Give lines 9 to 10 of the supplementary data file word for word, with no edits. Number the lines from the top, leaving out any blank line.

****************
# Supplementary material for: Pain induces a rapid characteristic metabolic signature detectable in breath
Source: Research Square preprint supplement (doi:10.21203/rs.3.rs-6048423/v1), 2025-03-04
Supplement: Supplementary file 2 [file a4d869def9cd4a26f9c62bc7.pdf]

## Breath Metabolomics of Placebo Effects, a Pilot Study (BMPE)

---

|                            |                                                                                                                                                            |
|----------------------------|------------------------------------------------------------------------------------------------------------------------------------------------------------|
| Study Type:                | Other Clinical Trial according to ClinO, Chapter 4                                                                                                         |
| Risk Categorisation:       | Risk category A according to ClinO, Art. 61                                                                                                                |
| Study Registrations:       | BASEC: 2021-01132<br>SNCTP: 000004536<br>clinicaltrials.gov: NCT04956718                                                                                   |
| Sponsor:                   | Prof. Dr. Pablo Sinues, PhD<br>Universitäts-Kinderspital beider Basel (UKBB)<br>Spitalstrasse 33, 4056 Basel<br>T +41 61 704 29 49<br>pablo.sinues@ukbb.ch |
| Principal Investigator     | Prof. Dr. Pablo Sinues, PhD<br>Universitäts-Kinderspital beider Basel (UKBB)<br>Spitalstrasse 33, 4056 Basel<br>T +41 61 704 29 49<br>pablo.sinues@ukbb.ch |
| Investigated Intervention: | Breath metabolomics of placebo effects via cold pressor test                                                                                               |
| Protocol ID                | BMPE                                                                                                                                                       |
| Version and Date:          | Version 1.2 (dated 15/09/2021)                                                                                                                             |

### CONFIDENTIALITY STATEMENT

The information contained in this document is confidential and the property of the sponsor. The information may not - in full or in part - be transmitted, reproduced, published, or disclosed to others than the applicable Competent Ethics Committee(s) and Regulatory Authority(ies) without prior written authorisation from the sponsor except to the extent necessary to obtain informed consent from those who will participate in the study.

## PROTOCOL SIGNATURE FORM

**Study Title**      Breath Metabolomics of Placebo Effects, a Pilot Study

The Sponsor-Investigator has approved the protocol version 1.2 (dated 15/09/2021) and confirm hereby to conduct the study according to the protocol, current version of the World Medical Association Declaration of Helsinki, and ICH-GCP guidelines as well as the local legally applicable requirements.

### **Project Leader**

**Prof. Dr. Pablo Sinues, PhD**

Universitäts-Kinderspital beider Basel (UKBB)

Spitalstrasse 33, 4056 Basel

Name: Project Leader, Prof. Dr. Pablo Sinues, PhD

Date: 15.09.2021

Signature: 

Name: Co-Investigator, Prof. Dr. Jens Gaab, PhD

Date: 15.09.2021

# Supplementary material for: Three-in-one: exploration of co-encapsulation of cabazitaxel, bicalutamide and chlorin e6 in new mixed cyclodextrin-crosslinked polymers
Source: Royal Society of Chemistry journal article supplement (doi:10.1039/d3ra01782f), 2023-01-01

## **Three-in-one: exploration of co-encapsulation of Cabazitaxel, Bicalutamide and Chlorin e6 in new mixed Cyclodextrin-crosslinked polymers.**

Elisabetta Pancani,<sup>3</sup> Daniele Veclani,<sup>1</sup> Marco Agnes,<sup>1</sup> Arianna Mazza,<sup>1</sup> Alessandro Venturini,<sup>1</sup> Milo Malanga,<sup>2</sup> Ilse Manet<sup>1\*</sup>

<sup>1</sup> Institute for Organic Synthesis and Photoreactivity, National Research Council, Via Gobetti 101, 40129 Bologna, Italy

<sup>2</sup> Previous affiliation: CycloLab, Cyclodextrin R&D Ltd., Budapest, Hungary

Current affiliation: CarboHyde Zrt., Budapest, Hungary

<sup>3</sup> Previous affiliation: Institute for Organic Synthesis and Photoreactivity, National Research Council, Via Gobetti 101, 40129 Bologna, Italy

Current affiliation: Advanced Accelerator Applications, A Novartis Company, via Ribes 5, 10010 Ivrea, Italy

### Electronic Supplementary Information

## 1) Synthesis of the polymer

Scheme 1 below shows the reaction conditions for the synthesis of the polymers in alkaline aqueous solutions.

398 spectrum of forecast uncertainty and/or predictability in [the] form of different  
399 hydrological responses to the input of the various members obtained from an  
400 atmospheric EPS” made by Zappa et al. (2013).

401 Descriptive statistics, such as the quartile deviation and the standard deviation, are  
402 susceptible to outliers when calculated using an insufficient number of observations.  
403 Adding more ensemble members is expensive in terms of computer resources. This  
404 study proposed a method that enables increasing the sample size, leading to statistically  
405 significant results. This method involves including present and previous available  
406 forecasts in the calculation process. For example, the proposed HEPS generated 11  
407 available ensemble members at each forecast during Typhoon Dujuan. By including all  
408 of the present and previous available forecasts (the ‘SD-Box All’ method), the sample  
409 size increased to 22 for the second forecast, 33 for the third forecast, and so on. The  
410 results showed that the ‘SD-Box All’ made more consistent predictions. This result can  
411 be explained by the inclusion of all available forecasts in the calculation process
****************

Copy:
| Risk Categorisation:       | Risk category A according to ClinO, Art. 61                                                                                                                |
| Study Registrations:       | BASEC: 2021-01132<br>SNCTP: 000004536<br>clinicaltrials.gov: NCT04956718                                                                                   |